They now occupy both the east and the west US, but are somewhat less common in eastern Texas, Oklakaha, Nebraska, Kansas, South Dakota and North Dakota. House finches occupy a huge range of habitats ranging from forested lowlands to deserts, cities and coastal regions.
The Purple finch extends further north to parts of Canada, particularly western Canada’s Northwest Territories and Yukon. However, they also extend through Alberta, Ontario, Quebec, and Saskatchewan.
In winter, they migrate throughout much of the eastern US and are Common in the Great Lakes region and the northeastern US, which is where they mix with House finches. On the west coast, they also migrate down the Pacific Northwest, which is also where they’re likely to be seen alongside House finches. It’d be rare to see Purple finches throughout much of the interior western US states.
Close up of a Purple finch
Both of these finches feature a similar red/pink/scarlet color across their chest and head. However, the Purple finch’s red plumage extends across much of its body and back.
Overall, the Purple finch is the more pigmented and colorful of the two birds (in terms of the male). Additionally, House finches have white wing bars which are absent for the Purple finch.
House finches have streaky brown undersides, but these are not pigmented. The Purple finch’s underside is somewhat streaky, but with brown rather than red.
The House finch has the longer tail of the two birds, but they are otherwise similar.
There are cases when House finches moult and turn more yellow or orange, losing most of their red hue. Conversely, Purple finches don’t change color as dramatically as House finches and don’t turn yellow or orange.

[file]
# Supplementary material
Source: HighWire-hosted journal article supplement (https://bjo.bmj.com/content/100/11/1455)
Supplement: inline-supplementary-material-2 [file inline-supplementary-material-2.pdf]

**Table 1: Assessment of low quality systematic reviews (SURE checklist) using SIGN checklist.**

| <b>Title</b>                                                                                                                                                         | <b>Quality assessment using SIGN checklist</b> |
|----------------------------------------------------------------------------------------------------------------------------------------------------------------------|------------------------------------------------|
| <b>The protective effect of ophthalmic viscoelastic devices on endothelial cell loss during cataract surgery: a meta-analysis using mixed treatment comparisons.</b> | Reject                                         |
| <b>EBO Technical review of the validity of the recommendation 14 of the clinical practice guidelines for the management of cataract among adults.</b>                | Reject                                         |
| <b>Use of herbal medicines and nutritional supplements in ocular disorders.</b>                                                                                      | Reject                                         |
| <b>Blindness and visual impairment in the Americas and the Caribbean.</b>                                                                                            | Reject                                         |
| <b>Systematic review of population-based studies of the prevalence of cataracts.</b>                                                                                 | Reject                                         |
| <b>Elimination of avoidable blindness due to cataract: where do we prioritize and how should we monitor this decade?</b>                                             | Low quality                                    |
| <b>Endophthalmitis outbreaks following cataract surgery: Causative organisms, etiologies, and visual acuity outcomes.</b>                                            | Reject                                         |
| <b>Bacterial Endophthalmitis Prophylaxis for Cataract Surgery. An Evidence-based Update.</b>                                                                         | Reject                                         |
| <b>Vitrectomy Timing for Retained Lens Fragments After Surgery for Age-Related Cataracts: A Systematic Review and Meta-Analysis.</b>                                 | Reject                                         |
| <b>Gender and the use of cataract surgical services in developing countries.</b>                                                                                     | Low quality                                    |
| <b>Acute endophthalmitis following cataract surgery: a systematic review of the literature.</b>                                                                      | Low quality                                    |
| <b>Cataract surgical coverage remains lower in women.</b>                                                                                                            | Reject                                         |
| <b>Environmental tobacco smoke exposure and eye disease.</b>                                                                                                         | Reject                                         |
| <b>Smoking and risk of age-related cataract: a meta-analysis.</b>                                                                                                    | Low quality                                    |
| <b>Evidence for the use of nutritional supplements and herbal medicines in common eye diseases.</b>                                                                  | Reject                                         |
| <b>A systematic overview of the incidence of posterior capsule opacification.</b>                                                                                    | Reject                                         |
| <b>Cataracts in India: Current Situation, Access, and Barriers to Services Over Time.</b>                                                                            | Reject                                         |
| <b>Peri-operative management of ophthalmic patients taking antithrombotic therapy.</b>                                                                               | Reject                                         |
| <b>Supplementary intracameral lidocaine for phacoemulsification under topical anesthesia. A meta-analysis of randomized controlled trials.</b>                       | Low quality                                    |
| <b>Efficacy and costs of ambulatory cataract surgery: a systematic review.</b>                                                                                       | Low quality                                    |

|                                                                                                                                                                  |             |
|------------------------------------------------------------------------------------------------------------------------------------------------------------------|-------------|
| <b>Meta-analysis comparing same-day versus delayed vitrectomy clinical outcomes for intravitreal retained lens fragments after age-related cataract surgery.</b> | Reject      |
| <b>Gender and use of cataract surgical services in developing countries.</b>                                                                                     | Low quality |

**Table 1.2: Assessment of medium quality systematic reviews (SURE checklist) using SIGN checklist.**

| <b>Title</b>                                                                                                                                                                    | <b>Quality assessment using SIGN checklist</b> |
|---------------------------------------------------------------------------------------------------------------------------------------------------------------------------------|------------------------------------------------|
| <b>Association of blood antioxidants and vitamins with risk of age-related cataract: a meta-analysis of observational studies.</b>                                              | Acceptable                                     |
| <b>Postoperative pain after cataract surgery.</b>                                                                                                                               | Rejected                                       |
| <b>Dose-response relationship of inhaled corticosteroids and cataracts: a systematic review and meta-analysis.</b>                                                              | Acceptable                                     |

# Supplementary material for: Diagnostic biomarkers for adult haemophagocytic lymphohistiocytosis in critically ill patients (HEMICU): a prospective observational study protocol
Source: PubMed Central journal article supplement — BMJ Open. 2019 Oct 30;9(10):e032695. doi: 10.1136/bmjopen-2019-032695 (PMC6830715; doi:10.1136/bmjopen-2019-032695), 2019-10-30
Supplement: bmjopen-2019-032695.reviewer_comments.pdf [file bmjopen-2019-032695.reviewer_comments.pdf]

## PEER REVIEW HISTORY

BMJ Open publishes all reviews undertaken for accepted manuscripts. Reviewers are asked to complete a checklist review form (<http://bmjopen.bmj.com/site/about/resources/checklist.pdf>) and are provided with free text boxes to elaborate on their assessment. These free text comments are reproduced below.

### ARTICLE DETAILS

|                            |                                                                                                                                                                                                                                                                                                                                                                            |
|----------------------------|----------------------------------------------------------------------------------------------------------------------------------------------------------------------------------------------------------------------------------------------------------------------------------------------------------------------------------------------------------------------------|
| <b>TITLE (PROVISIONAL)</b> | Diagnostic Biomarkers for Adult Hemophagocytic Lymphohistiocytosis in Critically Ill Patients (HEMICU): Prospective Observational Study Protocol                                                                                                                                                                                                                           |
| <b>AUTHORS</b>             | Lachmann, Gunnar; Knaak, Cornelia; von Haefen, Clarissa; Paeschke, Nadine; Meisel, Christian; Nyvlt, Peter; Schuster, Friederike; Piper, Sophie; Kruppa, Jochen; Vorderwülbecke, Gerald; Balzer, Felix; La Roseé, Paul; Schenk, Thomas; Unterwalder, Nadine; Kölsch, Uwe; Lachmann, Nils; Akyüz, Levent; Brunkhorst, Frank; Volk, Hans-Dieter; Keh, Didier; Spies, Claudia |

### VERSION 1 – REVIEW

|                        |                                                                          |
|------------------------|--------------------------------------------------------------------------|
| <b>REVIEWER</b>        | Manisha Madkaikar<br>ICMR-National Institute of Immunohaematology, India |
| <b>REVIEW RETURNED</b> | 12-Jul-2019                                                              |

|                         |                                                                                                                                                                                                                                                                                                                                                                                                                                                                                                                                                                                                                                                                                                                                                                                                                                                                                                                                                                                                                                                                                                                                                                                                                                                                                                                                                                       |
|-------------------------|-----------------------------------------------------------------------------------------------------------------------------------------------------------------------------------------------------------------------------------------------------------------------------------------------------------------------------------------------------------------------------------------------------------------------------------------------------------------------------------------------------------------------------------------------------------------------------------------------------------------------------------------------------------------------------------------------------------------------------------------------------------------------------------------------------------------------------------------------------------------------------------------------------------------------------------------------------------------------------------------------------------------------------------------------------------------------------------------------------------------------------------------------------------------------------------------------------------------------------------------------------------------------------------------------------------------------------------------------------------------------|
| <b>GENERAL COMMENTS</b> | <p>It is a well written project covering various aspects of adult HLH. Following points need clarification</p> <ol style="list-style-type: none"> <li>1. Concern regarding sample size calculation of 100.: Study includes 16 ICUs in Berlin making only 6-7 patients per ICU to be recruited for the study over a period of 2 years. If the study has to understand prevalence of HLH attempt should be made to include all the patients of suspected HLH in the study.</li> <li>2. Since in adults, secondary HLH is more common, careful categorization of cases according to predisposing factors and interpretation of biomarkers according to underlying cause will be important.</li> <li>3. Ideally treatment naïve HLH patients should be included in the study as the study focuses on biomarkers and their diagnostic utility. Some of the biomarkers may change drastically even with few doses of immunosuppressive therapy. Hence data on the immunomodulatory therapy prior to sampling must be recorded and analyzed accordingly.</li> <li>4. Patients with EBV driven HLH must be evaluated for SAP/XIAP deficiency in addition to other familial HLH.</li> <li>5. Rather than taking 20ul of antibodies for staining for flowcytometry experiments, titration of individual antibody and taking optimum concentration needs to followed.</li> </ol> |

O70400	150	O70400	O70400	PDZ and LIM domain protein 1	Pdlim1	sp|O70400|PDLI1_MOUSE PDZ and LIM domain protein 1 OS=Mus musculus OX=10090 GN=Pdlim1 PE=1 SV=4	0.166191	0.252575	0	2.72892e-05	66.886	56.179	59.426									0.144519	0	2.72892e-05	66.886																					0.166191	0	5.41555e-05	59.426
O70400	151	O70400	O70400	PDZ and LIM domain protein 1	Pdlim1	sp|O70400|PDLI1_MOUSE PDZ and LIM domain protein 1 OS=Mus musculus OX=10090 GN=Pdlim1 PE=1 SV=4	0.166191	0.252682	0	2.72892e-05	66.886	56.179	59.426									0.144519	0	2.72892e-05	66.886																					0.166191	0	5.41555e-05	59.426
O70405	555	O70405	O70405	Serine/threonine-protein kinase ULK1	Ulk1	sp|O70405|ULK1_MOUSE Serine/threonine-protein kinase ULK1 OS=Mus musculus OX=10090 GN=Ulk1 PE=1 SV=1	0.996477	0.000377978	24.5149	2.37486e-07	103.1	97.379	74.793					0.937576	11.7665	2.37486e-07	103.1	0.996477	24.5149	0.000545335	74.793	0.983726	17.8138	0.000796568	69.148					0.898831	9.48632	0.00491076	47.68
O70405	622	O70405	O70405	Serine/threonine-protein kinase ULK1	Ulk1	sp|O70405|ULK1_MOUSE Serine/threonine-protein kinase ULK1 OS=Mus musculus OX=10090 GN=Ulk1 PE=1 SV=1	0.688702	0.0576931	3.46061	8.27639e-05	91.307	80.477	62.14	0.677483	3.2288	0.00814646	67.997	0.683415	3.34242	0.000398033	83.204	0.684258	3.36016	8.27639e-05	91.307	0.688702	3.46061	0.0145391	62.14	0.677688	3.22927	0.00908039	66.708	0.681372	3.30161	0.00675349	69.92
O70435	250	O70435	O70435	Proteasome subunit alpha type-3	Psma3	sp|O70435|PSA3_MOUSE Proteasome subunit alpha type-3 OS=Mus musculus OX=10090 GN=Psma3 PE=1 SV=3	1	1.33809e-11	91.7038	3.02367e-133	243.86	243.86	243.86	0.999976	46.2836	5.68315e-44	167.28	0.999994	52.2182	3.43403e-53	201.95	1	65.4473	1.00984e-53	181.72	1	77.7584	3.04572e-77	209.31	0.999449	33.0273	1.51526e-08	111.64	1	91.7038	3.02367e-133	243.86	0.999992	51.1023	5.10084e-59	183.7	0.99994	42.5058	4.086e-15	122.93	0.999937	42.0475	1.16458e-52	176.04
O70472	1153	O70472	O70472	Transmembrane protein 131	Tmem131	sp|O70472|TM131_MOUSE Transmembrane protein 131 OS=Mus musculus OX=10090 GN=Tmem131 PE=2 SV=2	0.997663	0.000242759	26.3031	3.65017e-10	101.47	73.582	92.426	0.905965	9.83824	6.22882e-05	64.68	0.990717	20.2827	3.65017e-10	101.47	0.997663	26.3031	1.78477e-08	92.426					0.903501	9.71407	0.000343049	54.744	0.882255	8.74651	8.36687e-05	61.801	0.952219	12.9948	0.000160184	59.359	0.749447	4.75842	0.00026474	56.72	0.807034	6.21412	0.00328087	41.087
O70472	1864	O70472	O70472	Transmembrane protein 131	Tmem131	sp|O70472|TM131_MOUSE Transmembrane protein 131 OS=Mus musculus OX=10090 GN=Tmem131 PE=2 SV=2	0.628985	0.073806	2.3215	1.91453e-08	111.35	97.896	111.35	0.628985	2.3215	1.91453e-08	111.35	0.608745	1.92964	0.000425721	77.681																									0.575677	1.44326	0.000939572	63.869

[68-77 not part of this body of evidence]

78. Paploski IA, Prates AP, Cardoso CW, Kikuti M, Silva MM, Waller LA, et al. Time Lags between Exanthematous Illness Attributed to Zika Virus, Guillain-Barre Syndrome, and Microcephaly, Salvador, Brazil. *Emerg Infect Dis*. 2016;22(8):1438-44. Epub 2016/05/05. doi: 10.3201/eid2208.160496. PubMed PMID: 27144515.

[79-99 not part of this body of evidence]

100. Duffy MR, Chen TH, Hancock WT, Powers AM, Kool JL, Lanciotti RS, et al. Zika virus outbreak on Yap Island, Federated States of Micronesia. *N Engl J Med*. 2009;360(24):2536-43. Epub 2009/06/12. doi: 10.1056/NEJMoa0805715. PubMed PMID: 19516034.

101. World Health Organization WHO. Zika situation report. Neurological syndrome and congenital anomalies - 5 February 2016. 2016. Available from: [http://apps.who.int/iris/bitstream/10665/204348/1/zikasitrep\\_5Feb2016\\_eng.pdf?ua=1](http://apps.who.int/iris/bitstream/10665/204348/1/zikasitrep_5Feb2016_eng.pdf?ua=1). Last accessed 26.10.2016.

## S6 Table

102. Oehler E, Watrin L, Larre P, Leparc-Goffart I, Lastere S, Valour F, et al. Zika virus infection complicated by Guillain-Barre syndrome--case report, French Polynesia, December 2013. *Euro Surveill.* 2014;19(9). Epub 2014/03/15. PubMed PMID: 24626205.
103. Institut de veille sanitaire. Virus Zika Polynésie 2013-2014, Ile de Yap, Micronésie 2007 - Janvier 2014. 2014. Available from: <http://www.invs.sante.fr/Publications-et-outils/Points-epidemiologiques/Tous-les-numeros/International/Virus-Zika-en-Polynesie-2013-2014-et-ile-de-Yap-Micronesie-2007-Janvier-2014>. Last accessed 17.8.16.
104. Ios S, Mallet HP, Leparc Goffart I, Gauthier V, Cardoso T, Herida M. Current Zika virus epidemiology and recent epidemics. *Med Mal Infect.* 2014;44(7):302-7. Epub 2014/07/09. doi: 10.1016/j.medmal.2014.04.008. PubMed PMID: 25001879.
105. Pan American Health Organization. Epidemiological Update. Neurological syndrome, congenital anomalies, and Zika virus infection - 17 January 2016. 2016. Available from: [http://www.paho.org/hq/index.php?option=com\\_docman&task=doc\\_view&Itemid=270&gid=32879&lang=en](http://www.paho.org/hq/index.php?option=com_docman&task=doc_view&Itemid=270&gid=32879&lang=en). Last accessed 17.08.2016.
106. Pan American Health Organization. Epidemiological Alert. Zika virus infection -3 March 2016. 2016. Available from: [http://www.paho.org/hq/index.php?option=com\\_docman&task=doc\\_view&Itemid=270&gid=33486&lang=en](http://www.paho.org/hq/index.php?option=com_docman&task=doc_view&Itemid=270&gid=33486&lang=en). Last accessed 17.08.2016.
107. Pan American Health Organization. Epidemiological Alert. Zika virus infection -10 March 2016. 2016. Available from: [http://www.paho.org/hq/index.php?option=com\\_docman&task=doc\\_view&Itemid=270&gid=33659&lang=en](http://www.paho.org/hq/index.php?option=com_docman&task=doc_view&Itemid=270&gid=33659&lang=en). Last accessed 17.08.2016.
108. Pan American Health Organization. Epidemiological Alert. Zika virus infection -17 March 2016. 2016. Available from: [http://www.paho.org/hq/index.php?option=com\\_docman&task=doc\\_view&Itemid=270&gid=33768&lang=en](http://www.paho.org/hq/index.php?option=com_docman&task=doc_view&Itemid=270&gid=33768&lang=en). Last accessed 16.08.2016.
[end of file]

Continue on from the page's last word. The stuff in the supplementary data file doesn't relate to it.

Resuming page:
House Finch perched on a branch
Purple finches are slightly bigger, and they’re often said to be slightly stockier and heavier.
This depends on where you are and what time of year it is, as both birds can puff up their feathers in colder weather. Overall, the Purple finch does look slightly larger (and it is, though only marginally). Also, the House finch has a slightly more rounded head and looks rounder overall.
Both birds have distinctive conical finch-like bills. However, the House finches bill is slightly more compact and curved.
Female (left) and male (right) purple finches
In general, Purple finches have long warbling calls, whereas House finches are chirpier.
The Purple finch’s warble is gentler and calmer, whereas the House finch alternates between high and low notes. House finch songs are typically short; around 1 to 4 s long with 4 to 30 syllables.
Purple finch songs last for a lot longer. The female Purple finch has an unusual song that lasts 1 to 2 minutes, whereas female House finches don’t tend to sing for very long.
It would be tough to tell these birds apart on call alone as there is a good deal of crossover, and birds from different regions have slightly different songs.
Purple finches are calmer when feeding and are less likely to be spoked than House finches.